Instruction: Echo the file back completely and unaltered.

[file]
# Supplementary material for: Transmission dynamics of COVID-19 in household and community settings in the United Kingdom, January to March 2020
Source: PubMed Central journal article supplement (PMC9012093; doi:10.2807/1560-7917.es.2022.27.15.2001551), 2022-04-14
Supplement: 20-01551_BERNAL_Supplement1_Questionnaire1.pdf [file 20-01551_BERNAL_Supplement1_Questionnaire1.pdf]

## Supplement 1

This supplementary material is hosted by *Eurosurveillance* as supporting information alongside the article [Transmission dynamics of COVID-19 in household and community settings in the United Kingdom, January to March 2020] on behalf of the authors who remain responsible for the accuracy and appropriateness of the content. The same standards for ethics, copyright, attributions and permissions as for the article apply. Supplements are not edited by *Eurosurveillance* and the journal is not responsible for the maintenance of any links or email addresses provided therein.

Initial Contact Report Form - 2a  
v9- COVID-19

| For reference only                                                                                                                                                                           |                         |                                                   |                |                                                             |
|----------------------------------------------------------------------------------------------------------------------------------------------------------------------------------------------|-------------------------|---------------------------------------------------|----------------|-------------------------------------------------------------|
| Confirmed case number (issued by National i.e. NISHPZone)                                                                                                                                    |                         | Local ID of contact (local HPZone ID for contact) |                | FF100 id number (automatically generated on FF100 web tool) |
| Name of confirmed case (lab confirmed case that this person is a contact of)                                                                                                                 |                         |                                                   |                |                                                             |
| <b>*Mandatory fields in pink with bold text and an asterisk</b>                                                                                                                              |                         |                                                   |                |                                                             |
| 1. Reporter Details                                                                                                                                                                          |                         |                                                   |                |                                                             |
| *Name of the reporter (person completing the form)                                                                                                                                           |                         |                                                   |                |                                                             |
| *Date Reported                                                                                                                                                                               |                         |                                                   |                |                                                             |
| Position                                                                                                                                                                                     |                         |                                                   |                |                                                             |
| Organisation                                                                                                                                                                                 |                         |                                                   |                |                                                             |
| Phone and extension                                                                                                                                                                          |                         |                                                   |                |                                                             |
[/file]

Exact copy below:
# Supplementary material for: Transmission dynamics of COVID-19 in household and community settings in the United Kingdom, January to March 2020
Source: PubMed Central journal article supplement (PMC9012093; doi:10.2807/1560-7917.es.2022.27.15.2001551), 2022-04-14
Supplement: 20-01551_BERNAL_Supplement1_Questionnaire1.pdf [file 20-01551_BERNAL_Supplement1_Questionnaire1.pdf]

## Supplement 1

This supplementary material is hosted by *Eurosurveillance* as supporting information alongside the article [Transmission dynamics of COVID-19 in household and community settings in the United Kingdom, January to March 2020] on behalf of the authors who remain responsible for the accuracy and appropriateness of the content. The same standards for ethics, copyright, attributions and permissions as for the article apply. Supplements are not edited by *Eurosurveillance* and the journal is not responsible for the maintenance of any links or email addresses provided therein.

Initial Contact Report Form - 2a  
v9- COVID-19

| For reference only                                                                                                                                                                           |                         |                                                   |                |                                                             |
|----------------------------------------------------------------------------------------------------------------------------------------------------------------------------------------------|-------------------------|---------------------------------------------------|----------------|-------------------------------------------------------------|
| Confirmed case number (issued by National i.e. NISHPZone)                                                                                                                                    |                         | Local ID of contact (local HPZone ID for contact) |                | FF100 id number (automatically generated on FF100 web tool) |
| Name of confirmed case (lab confirmed case that this person is a contact of)                                                                                                                 |                         |                                                   |                |                                                             |
| <b>*Mandatory fields in pink with bold text and an asterisk</b>                                                                                                                              |                         |                                                   |                |                                                             |
| 1. Reporter Details                                                                                                                                                                          |                         |                                                   |                |                                                             |
| *Name of the reporter (person completing the form)                                                                                                                                           |                         |                                                   |                |                                                             |
| *Date Reported                                                                                                                                                                               |                         |                                                   |                |                                                             |
| Position                                                                                                                                                                                     |                         |                                                   |                |                                                             |
| Organisation                                                                                                                                                                                 |                         |                                                   |                |                                                             |
| Phone and extension                                                                                                                                                                          |                         |                                                   |                |                                                             |